Doctors often tell their patients to keep bad cholesterol levels down by exercising and eating fruits and vegetables. But a new study shows that what might help the most is the consumption of avocados.

Reuters reports on the new study.

The new data shows that eating avocados could substantially help you in bringing down your LDL (bad cholesterol). But this does not mean that one should stop eating healthily, rather it means that incorporating avocados into a healthy diet was the most helpful way to reduce LDL levels.

Dr. Etherton, chairman of the American Heart Association’s nutrition committee, authored the study.

She said, “Only 5 to 6 percent of calories should come from saturated fatty acids, which are found in foods like butter, fatty meat and cheese. Instead of saturated fats, people should substitute polyunsaturated and monounsaturated fatty acids.”

Another type of diet, the Mediterranean diet, is also said to be helpful. Researchers said this diet is full of monounsaturated fatty acids from extra-virgin olive oil or mixed nuts. They found that it truncated the risk of major cardiovascular problems like strokes and heart attacks by around 30 percent over five years among older people at an increased risk for those problems.

Avocados are also helpful, because they are a source of monounsaturated fatty acids. The researchers point out that in addition to this they also have several other beneficial components, such as vitamins, minerals and fiber.

How was the new study conducted?

Reuters explains, “For the new study, they assigned 45 otherwise healthy overweight and obese people between ages 21 and 70 to one of three diets aimed at reducing cholesterol, which can collect in the arteries as plaque. Participants ate a regular American diet for the two weeks before starting the cholesterol-lowering diets. Then they followed either a low-fat diet without avocado, a moderate-fat diet without avocado or a moderate-fat diet with one avocado added every day.”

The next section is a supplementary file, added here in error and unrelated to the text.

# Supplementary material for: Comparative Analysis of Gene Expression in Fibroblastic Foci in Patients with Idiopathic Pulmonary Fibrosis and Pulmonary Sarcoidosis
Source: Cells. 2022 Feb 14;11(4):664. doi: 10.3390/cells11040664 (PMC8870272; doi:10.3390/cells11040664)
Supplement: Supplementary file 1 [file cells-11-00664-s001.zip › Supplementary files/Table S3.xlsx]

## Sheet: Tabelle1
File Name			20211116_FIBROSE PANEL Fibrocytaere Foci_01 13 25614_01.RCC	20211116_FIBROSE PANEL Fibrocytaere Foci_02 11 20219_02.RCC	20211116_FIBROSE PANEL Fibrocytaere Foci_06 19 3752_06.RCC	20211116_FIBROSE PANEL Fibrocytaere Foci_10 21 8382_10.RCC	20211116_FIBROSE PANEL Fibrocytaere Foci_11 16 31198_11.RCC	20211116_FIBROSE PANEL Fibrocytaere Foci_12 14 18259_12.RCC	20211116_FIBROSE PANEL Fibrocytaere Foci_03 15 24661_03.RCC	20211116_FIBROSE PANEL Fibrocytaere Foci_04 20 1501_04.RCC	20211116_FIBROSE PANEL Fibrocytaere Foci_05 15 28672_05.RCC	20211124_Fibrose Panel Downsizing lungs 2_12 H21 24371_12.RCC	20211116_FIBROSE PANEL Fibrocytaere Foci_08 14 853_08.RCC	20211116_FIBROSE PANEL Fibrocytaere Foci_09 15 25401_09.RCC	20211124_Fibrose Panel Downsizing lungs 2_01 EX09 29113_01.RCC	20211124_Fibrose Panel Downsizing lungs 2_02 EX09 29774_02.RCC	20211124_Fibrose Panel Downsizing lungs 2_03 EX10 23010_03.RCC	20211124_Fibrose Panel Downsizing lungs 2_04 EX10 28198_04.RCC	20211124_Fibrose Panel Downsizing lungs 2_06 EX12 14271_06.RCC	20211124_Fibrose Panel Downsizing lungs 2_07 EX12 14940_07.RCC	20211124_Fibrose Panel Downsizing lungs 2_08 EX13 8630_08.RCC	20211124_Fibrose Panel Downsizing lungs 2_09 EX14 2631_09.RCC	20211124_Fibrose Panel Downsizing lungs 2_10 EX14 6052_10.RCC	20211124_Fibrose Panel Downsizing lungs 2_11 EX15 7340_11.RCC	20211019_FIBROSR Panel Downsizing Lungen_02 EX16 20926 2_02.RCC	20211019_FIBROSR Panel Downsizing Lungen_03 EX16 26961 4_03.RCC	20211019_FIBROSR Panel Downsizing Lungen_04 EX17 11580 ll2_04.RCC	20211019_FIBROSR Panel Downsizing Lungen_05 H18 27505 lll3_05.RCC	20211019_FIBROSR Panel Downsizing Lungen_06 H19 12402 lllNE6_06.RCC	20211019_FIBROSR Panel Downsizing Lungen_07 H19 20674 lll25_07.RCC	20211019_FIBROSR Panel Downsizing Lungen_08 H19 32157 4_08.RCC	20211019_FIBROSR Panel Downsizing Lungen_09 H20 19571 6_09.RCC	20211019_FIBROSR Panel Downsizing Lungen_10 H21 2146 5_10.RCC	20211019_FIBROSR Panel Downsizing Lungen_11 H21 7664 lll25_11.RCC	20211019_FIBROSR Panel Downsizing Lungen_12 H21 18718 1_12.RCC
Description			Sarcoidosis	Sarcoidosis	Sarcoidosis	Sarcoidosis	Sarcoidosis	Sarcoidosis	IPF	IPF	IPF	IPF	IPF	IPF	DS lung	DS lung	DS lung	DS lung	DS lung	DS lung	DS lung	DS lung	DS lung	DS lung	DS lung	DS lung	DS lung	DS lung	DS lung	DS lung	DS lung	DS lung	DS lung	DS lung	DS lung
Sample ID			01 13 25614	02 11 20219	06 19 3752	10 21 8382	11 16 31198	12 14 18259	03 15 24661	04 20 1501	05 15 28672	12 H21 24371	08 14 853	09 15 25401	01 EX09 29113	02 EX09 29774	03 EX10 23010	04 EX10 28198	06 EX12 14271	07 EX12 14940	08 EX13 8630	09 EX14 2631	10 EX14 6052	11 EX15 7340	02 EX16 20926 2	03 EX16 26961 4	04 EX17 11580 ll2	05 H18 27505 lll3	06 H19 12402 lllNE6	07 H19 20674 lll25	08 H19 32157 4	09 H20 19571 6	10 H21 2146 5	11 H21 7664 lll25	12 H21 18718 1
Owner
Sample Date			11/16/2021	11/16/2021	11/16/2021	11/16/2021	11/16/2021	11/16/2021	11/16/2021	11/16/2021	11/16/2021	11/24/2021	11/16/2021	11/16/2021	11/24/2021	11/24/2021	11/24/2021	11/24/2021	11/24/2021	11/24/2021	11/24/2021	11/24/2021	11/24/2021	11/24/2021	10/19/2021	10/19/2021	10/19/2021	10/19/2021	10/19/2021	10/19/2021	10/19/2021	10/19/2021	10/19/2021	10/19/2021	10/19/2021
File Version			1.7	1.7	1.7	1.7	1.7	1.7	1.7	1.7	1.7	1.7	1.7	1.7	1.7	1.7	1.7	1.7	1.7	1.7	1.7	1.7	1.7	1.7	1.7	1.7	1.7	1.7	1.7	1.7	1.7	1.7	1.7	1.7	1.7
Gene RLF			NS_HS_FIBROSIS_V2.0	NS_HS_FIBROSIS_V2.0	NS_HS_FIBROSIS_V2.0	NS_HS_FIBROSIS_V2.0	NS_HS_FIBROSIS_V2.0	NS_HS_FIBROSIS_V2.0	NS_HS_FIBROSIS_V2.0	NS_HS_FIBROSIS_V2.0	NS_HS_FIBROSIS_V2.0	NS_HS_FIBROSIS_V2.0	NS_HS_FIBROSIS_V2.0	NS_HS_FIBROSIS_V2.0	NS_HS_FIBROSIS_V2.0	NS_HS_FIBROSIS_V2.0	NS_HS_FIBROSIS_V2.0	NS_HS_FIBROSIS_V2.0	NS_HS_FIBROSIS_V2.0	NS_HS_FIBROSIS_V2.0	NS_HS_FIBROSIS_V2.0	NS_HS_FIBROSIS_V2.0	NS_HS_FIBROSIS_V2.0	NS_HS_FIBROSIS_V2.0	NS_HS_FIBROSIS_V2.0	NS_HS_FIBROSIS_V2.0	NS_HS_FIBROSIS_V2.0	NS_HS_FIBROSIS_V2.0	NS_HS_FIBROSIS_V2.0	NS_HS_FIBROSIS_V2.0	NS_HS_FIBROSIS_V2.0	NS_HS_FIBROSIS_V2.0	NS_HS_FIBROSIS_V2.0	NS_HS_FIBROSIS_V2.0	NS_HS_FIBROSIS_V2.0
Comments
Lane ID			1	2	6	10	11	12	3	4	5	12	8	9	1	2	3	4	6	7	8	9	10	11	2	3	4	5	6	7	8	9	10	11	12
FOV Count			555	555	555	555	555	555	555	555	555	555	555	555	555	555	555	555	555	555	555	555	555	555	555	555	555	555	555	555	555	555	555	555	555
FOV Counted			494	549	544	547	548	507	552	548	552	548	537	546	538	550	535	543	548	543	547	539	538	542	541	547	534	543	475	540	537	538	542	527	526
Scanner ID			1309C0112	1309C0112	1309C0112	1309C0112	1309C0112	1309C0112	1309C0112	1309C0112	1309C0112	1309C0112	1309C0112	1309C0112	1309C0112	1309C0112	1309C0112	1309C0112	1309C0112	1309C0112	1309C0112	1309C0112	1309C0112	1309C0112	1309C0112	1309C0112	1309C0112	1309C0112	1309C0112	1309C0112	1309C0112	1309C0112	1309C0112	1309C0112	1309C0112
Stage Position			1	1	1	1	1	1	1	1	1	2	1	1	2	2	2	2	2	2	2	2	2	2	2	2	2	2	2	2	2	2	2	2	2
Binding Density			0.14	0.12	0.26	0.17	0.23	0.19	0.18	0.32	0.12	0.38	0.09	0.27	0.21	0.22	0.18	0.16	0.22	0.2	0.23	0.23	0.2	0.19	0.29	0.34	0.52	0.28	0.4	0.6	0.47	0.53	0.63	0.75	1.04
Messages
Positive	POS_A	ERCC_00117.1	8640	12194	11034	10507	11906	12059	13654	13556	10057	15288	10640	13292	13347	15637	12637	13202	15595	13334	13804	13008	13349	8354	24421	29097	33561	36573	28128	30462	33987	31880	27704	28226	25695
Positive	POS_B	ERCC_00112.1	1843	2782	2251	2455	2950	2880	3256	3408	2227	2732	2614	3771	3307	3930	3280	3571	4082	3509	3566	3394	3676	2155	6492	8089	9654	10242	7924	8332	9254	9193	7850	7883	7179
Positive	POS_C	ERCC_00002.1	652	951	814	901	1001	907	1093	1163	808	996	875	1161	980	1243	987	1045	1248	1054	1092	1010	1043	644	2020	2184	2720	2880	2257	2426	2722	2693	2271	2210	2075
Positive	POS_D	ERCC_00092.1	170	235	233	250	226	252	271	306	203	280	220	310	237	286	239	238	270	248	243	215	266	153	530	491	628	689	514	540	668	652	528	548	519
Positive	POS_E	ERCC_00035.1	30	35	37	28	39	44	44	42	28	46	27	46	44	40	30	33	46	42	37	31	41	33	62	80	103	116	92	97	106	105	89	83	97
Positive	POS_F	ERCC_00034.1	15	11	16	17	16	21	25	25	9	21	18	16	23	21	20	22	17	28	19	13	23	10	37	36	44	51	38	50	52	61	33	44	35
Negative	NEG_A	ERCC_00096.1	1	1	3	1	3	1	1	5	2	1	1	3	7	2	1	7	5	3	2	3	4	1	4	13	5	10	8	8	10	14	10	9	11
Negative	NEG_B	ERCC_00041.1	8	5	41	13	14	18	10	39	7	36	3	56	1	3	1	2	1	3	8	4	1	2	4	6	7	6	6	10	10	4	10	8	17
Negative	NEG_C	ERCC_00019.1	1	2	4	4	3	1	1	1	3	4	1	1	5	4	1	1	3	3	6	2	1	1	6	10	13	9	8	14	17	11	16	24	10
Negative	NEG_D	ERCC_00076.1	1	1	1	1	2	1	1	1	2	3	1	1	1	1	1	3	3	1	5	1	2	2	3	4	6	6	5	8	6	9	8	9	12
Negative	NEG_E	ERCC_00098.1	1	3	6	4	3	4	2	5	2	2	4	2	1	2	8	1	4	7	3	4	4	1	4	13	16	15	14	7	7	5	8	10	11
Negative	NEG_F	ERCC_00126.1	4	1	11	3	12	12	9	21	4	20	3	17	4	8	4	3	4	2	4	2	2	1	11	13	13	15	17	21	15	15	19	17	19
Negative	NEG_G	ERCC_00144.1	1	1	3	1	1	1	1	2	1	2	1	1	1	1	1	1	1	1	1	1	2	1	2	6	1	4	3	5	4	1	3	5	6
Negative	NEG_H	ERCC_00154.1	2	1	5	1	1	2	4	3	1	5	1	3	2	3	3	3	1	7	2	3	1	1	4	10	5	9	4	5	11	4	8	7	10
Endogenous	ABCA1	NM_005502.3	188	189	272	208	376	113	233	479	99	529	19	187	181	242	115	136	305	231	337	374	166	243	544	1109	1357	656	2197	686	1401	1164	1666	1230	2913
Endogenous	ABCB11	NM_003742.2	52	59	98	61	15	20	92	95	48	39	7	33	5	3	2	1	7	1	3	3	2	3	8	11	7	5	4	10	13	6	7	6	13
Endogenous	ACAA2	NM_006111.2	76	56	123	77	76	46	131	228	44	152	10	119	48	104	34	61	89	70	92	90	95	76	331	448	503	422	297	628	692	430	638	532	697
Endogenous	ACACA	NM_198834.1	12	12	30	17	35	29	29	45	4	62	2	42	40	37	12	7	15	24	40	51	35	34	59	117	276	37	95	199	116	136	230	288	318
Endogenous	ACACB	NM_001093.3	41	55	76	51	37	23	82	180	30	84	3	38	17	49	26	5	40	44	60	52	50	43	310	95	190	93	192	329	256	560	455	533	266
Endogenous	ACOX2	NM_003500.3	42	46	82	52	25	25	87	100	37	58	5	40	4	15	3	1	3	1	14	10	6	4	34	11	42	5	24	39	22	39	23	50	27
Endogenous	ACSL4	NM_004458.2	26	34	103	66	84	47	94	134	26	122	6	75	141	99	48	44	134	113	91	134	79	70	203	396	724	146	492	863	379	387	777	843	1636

What were the results?

The researchers found that after two weeks on an American diet, the average LDL cholesterol, which is the type that collects in the arteries, was around 128 milligrams per deciliter (mg/dL). The U.S. National Institutes of Health say an LDL level below 100 mg/dL is actually perfect. After five weeks of the assigned diets, average LDL levels had fallen by 7.4 mg/dL in the low-fat without avocado group and 8.3 mg/dL in the moderate-fat without avocado group.

But the control group that ate avocados did far better. Participants on the moderate-fat diet with avocado had the greatest change in bad cholesterol. The researchers found that their LDL level fell by 13.5 mg/dL.

Dr. Etherton said, “A 13.5 mg/dL reduction in LDL cholesterol may be enough keep people from going on cholesterol-lowering medications. The reduction isn’t nearly as large as what people would see with modern drugs for cholesterol, however. A healthy diet works, but there are some added benefits from including the avocado.”

CBS news also reported on the study.

“The CDC, lowering your cholesterol can reduce your risk of having a heart attack, needing heart bypass surgery or angioplasty, and dying of heart disease. About 71 million American adults have high levels of low-density lipoprotein (LDL), or bad, cholesterol,” according to CBS.

The researchers are suggesting that people take a good look at their diets and see where they can make changes. They are also advising that people add fruits and nuts to their regular diets as these have properties similar to avocadoes.


Gerry Oginski
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